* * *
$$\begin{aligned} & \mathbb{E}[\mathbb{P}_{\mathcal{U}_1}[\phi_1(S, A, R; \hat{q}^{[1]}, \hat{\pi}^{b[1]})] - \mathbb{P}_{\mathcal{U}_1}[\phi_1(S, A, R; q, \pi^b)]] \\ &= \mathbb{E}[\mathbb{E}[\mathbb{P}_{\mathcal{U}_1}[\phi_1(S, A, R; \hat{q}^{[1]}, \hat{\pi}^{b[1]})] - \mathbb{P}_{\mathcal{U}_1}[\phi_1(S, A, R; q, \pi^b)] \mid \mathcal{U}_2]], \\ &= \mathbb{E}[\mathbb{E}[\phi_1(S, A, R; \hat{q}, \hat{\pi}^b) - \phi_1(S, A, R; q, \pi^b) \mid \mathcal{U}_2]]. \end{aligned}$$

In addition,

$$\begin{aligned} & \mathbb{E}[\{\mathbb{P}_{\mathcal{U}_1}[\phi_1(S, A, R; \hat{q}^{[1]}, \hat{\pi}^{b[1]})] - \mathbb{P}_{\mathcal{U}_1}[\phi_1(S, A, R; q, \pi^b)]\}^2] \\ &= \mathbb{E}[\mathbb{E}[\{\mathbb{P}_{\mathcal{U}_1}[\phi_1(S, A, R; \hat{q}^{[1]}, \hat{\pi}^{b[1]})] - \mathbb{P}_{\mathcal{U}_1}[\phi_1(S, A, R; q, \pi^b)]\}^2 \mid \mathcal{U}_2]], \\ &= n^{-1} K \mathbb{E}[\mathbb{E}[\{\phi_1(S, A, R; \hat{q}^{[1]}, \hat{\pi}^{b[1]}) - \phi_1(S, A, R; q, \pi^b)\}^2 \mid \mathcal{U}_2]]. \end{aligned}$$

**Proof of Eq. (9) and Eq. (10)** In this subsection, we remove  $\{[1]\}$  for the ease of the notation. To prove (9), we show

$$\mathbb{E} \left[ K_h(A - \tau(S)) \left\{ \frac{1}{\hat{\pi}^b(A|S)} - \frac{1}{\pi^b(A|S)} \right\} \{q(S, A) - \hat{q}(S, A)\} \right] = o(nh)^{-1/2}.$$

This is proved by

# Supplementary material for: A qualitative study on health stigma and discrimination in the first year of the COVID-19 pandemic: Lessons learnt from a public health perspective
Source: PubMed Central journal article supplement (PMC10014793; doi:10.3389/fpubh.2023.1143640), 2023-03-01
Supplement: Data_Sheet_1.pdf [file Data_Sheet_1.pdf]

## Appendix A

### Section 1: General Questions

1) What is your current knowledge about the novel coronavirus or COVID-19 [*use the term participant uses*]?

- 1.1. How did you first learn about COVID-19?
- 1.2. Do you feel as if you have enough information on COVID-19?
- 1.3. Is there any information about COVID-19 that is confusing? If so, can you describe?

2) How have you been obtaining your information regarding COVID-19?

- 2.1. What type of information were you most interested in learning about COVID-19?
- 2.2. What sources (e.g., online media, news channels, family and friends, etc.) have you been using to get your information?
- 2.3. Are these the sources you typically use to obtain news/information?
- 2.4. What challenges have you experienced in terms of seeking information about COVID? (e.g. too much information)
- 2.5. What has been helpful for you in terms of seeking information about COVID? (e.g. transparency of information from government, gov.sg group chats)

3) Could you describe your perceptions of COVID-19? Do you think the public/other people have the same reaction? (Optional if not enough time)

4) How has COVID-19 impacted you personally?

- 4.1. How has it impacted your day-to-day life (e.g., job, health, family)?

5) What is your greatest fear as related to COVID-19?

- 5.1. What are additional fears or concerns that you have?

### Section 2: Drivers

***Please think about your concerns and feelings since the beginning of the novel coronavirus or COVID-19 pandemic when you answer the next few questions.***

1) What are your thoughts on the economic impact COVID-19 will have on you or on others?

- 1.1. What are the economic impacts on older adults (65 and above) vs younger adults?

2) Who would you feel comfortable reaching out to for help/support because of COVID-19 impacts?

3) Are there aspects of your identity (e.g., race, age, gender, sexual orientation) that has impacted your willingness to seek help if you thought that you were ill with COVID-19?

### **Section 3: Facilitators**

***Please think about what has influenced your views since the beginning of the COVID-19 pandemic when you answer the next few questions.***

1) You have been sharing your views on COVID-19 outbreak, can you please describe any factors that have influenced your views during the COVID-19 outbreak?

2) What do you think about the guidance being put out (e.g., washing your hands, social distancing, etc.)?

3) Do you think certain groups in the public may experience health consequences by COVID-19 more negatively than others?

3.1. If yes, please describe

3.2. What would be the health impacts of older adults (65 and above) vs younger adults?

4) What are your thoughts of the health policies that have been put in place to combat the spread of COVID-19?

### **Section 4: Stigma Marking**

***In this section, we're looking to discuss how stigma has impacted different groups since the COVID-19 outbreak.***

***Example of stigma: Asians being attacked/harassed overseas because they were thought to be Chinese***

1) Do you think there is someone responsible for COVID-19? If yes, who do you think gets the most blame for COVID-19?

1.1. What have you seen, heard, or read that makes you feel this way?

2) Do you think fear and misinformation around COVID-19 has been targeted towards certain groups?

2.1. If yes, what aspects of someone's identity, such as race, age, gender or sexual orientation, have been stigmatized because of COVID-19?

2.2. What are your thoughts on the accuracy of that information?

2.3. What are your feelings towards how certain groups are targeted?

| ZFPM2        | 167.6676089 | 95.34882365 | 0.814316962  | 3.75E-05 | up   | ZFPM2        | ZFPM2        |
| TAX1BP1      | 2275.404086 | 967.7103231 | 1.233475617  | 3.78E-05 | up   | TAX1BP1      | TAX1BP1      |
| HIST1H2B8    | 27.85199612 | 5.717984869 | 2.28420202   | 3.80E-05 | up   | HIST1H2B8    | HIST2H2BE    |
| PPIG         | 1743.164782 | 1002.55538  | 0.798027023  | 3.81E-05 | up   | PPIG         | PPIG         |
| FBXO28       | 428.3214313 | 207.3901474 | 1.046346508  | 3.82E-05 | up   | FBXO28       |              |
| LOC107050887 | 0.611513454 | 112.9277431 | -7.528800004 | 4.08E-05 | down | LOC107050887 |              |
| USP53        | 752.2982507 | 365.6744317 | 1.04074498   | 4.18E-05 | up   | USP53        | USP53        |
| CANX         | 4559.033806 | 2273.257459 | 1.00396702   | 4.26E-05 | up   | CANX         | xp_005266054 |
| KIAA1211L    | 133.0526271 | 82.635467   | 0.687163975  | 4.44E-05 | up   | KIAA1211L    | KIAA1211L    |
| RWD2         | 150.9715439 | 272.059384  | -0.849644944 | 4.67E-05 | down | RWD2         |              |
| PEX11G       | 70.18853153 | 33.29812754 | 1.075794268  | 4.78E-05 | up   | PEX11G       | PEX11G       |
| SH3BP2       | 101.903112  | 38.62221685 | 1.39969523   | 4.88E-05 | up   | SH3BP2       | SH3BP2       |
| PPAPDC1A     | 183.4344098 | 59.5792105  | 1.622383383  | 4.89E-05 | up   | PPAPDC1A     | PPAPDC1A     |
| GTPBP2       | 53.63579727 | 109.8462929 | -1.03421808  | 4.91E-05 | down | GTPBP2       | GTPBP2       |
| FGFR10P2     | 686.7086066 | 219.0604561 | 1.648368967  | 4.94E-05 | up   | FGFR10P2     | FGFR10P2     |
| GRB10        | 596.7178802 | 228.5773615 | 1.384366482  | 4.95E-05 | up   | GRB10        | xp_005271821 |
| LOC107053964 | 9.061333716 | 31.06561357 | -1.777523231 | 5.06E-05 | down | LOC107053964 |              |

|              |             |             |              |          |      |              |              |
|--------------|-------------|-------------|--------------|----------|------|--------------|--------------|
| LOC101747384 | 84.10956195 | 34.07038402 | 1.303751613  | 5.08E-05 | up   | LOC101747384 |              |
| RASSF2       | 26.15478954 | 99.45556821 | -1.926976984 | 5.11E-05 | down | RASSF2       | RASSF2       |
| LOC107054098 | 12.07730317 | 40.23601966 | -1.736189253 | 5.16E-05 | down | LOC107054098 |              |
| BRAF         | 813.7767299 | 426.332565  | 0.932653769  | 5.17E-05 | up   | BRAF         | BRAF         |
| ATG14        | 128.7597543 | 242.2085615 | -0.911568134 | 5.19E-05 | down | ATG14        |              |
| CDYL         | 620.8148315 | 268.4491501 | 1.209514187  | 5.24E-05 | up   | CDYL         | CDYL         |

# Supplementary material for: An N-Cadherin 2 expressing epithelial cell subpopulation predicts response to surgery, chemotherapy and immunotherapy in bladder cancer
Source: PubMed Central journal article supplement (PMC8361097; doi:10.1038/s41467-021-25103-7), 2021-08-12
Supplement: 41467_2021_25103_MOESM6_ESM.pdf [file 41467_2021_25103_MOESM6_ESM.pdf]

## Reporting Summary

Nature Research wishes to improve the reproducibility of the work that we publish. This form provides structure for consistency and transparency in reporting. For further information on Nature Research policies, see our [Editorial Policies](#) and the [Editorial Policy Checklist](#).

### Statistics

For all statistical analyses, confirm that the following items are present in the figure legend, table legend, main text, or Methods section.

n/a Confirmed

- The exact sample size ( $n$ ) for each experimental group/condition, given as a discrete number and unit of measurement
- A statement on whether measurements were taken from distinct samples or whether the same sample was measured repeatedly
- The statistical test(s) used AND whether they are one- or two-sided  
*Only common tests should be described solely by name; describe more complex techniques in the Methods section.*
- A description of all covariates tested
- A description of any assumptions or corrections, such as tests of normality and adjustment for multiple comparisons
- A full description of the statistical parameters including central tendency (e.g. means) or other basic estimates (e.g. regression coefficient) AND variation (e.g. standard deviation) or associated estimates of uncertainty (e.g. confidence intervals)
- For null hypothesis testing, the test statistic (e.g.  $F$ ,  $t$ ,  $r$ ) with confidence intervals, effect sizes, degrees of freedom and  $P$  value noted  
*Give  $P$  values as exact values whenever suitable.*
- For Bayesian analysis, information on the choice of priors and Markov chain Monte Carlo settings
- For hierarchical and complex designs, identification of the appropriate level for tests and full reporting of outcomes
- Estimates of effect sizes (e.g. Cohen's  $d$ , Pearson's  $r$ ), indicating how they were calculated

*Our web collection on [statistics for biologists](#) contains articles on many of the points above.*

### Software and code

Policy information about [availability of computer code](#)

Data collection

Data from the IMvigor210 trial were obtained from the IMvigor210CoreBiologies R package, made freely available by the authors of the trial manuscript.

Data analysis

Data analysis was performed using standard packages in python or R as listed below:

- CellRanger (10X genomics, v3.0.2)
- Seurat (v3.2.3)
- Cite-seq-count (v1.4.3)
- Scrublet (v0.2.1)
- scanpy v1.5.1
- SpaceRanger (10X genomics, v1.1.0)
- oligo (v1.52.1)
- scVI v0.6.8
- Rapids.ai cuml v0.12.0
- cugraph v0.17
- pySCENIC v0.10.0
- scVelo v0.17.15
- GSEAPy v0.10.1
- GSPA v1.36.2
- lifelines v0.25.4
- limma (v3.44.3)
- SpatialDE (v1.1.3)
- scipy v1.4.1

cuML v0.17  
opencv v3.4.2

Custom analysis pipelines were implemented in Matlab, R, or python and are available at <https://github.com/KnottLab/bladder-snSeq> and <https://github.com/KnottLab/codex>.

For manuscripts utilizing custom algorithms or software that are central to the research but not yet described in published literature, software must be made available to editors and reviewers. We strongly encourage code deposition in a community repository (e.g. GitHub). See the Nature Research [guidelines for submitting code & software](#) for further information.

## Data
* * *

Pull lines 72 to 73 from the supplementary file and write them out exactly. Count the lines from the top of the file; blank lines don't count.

| BRAF         | 813.7767299 | 426.332565  | 0.932653769  | 5.17E-05 | up   | BRAF         | BRAF         |
| ATG14        | 128.7597543 | 242.2085615 | -0.911568134 | 5.19E-05 | down | ATG14        |              |